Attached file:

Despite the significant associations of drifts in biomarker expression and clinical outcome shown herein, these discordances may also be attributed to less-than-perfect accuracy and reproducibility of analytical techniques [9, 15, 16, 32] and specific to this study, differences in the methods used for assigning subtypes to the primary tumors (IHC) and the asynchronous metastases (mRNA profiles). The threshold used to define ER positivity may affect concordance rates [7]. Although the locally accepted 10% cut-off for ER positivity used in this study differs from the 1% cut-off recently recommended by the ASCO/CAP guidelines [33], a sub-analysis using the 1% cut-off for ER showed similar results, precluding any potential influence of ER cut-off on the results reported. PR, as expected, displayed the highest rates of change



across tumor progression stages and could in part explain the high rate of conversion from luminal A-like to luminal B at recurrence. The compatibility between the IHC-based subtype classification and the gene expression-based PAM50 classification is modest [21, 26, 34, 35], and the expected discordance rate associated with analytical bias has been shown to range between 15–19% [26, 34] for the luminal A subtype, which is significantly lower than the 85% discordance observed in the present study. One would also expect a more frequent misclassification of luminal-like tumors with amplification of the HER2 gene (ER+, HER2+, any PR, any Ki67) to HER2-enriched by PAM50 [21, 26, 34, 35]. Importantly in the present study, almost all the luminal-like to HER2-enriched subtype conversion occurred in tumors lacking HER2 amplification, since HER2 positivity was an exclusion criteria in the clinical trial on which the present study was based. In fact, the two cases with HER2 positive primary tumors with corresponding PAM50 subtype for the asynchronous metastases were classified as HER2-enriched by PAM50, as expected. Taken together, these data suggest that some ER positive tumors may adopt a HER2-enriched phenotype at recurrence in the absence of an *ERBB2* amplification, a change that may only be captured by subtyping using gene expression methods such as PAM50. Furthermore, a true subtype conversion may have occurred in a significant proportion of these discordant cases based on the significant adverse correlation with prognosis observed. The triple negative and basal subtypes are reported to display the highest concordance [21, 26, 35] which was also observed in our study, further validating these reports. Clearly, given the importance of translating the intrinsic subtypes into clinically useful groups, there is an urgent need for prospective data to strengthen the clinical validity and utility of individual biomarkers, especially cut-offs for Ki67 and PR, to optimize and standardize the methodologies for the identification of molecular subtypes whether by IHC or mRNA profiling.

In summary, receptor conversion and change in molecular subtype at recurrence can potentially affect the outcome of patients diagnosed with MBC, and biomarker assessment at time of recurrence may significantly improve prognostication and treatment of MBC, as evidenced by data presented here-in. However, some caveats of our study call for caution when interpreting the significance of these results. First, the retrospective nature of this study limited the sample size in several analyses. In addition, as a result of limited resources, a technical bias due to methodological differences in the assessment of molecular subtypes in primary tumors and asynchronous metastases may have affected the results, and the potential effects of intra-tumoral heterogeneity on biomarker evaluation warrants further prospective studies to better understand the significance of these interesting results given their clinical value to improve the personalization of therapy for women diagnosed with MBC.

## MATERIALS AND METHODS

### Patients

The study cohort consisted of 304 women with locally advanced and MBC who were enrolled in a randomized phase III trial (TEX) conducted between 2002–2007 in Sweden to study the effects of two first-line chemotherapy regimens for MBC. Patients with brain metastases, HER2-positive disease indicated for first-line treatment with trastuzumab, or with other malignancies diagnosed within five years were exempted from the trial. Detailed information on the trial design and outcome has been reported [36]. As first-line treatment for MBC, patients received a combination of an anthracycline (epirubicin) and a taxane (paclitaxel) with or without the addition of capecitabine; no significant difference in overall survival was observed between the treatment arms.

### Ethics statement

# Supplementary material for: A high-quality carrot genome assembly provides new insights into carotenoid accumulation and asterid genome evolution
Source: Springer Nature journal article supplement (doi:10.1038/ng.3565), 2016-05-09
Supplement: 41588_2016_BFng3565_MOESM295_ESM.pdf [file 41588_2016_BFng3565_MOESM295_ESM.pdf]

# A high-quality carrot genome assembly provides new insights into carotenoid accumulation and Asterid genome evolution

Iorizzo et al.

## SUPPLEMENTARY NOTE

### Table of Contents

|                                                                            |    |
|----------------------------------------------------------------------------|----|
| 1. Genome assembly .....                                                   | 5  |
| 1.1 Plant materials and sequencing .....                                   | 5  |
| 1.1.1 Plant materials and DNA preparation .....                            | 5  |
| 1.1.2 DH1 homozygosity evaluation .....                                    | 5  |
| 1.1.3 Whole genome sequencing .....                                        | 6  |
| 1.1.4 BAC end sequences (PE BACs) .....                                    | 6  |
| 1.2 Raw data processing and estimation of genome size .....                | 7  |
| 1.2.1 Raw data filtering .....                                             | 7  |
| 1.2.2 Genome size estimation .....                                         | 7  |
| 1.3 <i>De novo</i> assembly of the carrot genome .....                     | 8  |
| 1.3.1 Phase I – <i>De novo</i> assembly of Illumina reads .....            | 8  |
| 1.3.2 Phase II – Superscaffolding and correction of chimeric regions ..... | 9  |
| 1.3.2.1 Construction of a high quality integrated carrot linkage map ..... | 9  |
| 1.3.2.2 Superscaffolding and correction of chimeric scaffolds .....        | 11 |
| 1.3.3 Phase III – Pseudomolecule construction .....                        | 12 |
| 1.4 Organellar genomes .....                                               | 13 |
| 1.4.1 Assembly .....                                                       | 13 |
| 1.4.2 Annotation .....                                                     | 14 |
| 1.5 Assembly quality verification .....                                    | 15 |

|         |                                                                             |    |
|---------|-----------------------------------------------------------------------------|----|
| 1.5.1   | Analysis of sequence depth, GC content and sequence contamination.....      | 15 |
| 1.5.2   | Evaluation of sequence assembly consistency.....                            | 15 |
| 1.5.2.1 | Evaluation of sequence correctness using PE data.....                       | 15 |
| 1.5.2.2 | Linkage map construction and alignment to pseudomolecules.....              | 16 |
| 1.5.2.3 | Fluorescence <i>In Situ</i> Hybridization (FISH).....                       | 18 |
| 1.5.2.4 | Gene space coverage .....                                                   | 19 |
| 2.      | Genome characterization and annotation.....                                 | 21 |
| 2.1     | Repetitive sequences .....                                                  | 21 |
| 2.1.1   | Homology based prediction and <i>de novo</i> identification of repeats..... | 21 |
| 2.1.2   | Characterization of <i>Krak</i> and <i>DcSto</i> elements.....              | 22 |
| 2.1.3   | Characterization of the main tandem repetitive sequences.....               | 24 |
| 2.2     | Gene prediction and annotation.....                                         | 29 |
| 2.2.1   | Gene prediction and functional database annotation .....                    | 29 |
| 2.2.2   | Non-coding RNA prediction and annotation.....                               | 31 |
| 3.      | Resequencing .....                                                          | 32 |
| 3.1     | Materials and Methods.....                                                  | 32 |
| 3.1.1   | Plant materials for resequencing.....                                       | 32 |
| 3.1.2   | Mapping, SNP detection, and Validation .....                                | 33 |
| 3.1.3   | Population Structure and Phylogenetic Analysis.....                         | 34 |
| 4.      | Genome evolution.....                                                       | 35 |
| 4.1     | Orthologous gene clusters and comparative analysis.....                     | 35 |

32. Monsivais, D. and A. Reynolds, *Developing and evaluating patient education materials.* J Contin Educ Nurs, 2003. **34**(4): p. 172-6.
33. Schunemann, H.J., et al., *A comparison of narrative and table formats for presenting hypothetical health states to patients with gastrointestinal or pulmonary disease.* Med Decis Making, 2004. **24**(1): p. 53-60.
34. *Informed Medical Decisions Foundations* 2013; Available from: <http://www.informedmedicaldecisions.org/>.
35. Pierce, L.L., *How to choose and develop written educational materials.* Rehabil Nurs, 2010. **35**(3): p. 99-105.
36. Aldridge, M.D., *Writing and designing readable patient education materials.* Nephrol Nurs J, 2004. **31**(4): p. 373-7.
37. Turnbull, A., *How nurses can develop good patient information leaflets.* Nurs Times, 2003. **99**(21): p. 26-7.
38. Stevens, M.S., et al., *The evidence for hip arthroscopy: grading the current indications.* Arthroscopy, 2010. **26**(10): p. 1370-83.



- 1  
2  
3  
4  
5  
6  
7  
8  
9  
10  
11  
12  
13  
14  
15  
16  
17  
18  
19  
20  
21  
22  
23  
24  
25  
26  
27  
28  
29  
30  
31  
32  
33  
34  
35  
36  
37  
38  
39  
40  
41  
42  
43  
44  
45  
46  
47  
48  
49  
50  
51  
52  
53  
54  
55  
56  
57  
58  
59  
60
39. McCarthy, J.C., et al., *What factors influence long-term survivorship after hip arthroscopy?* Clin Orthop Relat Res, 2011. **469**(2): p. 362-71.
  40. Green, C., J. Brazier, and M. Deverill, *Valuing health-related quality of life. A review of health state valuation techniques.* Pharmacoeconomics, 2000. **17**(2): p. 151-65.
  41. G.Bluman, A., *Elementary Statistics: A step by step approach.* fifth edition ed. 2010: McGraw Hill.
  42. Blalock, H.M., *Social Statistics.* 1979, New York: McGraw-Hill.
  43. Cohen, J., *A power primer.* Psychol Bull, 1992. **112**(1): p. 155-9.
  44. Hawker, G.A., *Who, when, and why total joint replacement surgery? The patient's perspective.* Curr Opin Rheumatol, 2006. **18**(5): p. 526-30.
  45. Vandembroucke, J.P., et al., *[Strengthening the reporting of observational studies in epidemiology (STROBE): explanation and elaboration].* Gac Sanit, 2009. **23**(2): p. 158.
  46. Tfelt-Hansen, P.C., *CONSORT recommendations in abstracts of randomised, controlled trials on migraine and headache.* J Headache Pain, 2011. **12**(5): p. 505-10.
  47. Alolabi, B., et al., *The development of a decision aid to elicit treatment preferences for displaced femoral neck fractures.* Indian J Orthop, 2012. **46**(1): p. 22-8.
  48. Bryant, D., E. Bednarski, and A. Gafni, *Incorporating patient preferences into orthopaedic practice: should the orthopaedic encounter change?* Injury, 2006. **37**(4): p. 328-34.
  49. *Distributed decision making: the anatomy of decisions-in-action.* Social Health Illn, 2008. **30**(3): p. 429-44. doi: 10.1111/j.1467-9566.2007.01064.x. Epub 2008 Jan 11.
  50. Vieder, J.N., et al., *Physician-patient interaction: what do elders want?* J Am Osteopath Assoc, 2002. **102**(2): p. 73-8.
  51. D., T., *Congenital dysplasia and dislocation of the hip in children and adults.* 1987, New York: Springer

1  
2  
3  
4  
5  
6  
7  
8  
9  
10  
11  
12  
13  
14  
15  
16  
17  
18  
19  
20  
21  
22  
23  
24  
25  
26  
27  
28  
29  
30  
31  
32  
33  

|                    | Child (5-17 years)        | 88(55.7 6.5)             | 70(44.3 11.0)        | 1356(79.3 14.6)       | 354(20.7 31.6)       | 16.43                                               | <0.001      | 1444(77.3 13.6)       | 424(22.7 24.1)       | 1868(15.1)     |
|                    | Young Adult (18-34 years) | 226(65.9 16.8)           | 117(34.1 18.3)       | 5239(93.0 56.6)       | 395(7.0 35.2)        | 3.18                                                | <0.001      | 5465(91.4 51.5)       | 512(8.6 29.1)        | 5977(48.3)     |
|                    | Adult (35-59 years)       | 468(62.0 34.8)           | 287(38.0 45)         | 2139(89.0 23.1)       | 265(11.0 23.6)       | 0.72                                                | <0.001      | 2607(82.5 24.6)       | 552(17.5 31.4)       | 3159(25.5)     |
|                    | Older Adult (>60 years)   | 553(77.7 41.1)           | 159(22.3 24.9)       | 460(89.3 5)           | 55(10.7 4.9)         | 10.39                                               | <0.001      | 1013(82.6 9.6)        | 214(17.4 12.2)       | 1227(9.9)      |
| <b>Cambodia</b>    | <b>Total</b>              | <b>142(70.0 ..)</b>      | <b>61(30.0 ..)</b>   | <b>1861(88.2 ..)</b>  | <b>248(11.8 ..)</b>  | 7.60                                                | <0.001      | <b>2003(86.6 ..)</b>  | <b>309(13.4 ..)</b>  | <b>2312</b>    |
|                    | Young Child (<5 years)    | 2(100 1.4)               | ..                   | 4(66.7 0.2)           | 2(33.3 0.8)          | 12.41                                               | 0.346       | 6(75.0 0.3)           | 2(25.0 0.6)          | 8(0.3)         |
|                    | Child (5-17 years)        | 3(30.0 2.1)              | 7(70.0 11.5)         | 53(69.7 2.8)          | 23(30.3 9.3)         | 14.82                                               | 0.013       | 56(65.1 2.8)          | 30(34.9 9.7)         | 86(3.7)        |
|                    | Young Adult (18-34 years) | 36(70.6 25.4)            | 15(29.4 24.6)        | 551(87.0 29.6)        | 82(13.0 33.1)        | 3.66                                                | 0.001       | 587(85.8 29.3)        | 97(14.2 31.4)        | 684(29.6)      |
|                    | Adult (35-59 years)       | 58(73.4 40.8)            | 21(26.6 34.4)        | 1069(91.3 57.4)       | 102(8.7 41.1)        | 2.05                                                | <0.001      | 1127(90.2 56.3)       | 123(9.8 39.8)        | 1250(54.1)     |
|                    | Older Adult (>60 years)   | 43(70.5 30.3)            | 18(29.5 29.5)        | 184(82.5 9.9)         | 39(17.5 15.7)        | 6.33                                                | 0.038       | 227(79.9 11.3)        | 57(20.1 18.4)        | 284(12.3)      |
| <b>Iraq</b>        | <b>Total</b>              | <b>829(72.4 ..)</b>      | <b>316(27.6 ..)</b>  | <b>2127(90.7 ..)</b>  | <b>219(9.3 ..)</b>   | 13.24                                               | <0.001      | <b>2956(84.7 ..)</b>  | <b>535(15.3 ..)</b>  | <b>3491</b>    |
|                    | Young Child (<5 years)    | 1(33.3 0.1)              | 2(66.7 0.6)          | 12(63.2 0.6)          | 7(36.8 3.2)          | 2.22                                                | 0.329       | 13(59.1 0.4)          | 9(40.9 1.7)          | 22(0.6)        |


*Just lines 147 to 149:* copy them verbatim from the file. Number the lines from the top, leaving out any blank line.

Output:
9  
10  
11  